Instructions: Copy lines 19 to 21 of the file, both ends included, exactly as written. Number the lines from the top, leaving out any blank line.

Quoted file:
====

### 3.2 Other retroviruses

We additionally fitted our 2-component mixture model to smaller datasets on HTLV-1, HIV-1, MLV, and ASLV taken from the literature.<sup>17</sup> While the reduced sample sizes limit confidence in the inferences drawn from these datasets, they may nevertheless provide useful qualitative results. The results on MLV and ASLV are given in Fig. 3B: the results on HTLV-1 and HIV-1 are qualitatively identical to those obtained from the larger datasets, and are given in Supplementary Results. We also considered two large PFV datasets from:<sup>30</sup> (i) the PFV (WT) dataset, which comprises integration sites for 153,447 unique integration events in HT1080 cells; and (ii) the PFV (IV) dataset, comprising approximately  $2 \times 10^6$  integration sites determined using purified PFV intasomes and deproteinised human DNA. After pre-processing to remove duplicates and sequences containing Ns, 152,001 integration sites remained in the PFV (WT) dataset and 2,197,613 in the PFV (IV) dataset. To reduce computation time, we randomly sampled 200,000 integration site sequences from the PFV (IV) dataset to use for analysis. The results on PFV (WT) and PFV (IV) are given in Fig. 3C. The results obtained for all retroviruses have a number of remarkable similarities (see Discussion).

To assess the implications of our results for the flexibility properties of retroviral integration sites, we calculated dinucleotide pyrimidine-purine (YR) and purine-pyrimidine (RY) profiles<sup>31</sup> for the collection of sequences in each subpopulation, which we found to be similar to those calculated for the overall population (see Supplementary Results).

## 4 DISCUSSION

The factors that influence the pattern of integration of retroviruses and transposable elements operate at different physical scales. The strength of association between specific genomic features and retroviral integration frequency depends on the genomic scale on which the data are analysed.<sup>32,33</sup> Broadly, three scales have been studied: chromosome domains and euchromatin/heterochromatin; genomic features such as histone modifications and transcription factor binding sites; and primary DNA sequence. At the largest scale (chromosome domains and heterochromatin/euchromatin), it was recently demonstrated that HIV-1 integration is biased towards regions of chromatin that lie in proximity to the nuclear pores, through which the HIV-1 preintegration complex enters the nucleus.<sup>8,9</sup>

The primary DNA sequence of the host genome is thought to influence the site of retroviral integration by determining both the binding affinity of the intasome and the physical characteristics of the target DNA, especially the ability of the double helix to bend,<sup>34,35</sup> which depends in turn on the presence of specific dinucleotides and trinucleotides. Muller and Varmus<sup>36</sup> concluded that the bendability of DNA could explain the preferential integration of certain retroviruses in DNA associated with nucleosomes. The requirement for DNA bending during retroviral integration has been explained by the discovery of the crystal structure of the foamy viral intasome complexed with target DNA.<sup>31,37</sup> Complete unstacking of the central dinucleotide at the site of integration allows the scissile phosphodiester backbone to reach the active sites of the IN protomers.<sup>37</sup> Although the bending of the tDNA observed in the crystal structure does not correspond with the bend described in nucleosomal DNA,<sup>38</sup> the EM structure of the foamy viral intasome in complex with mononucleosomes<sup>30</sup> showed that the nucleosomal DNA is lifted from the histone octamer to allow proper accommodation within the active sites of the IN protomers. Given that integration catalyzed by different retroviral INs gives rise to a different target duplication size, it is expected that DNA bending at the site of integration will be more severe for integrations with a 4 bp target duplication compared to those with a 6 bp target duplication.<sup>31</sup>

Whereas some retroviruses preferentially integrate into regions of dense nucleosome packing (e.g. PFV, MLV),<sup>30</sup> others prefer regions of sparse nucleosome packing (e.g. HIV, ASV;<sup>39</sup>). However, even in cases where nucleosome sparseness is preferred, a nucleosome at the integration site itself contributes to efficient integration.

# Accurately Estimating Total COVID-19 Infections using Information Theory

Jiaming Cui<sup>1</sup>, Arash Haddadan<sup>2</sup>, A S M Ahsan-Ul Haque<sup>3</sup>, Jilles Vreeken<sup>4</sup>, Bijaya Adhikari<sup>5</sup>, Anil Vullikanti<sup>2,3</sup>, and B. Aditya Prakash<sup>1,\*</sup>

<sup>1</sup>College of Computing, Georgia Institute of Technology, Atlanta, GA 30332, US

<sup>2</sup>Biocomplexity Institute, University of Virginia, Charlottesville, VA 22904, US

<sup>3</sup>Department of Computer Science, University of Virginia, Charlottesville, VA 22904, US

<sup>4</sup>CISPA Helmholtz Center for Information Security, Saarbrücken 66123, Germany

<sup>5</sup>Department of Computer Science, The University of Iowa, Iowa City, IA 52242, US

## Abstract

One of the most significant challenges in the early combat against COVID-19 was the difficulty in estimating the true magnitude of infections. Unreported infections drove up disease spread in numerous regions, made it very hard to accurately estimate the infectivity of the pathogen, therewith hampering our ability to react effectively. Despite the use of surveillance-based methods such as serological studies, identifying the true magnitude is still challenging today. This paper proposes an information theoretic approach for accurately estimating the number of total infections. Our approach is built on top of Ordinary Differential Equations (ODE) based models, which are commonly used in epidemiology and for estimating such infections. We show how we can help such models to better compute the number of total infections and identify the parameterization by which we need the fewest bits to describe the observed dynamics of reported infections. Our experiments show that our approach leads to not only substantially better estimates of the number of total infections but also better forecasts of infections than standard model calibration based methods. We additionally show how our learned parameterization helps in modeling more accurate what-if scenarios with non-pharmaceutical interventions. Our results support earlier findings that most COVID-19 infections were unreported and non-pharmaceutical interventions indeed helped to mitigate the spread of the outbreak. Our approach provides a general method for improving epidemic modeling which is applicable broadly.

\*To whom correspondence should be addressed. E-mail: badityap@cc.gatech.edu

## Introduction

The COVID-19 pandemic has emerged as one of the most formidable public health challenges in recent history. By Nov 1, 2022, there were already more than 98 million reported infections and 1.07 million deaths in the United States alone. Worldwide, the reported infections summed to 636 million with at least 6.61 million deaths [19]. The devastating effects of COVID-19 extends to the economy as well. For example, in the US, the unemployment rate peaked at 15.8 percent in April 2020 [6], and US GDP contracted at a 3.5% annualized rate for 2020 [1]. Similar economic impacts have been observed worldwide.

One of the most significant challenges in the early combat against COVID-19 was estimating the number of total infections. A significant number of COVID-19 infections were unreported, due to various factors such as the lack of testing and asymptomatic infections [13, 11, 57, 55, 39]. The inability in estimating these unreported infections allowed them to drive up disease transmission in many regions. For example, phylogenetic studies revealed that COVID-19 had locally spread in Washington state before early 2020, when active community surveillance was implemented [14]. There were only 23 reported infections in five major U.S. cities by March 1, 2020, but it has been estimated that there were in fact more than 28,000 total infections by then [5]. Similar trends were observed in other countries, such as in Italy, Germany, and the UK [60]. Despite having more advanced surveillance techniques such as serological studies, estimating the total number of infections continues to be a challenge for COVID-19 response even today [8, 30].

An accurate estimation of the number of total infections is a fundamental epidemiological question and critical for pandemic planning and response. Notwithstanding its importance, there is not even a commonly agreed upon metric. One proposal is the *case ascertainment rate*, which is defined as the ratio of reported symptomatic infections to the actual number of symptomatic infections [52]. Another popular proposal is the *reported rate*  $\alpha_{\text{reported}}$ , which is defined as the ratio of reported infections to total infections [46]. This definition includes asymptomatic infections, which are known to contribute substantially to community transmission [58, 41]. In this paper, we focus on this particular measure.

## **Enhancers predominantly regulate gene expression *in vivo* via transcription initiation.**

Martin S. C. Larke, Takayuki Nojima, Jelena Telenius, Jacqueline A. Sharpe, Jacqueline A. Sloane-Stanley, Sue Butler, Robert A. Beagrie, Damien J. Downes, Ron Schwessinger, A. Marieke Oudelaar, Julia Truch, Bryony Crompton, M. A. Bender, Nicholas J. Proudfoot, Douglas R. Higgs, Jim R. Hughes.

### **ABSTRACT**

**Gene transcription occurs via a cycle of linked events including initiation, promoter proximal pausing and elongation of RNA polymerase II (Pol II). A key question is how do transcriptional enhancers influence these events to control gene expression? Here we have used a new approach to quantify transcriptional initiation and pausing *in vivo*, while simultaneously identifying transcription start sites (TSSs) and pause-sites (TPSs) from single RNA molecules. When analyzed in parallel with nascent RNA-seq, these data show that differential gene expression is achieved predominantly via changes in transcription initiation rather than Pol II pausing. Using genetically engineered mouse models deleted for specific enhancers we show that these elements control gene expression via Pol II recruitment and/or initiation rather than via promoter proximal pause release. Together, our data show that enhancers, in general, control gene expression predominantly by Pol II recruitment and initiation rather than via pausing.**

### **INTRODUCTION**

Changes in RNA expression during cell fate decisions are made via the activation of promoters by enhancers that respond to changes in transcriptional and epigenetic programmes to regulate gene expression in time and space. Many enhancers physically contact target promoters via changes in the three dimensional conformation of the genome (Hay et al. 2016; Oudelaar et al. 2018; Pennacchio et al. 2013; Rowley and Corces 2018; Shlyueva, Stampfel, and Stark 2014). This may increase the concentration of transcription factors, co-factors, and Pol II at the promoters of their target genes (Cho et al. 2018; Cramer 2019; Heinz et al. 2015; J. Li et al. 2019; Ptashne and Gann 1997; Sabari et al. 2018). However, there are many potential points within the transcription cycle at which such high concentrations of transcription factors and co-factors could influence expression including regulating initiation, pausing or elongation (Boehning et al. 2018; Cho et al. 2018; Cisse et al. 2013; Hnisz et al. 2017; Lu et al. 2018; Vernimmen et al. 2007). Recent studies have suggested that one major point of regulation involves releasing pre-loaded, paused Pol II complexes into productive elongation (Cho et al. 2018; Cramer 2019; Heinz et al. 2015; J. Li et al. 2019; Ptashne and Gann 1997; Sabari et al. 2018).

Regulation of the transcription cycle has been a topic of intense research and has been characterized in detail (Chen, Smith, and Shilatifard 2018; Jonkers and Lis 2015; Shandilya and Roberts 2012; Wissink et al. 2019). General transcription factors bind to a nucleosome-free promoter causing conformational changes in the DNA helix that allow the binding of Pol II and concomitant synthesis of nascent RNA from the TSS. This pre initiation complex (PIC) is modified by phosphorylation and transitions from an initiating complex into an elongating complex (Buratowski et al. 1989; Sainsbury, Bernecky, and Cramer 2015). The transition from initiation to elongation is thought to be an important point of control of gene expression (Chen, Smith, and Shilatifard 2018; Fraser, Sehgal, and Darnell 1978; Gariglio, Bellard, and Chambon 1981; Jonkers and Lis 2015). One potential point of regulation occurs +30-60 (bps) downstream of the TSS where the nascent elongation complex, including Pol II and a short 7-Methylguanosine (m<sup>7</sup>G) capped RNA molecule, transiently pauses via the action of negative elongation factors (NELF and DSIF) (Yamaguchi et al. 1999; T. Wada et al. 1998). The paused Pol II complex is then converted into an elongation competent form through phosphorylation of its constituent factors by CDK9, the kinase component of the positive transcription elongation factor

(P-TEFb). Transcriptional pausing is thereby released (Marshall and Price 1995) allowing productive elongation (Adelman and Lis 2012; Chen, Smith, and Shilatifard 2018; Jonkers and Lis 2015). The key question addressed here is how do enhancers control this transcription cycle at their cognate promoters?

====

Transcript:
The COVID-19 pandemic has emerged as one of the most formidable public health challenges in recent history. By Nov 1, 2022, there were already more than 98 million reported infections and 1.07 million deaths in the United States alone. Worldwide, the reported infections summed to 636 million with at least 6.61 million deaths [19]. The devastating effects of COVID-19 extends to the economy as well. For example, in the US, the unemployment rate peaked at 15.8 percent in April 2020 [6], and US GDP contracted at a 3.5% annualized rate for 2020 [1]. Similar economic impacts have been observed worldwide.

One of the most significant challenges in the early combat against COVID-19 was estimating the number of total infections. A significant number of COVID-19 infections were unreported, due to various factors such as the lack of testing and asymptomatic infections [13, 11, 57, 55, 39]. The inability in estimating these unreported infections allowed them to drive up disease transmission in many regions. For example, phylogenetic studies revealed that COVID-19 had locally spread in Washington state before early 2020, when active community surveillance was implemented [14]. There were only 23 reported infections in five major U.S. cities by March 1, 2020, but it has been estimated that there were in fact more than 28,000 total infections by then [5]. Similar trends were observed in other countries, such as in Italy, Germany, and the UK [60]. Despite having more advanced surveillance techniques such as serological studies, estimating the total number of infections continues to be a challenge for COVID-19 response even today [8, 30].

An accurate estimation of the number of total infections is a fundamental epidemiological question and critical for pandemic planning and response. Notwithstanding its importance, there is not even a commonly agreed upon metric. One proposal is the *case ascertainment rate*, which is defined as the ratio of reported symptomatic infections to the actual number of symptomatic infections [52]. Another popular proposal is the *reported rate*  $\alpha_{\text{reported}}$ , which is defined as the ratio of reported infections to total infections [46]. This definition includes asymptomatic infections, which are known to contribute substantially to community transmission [58, 41]. In this paper, we focus on this particular measure.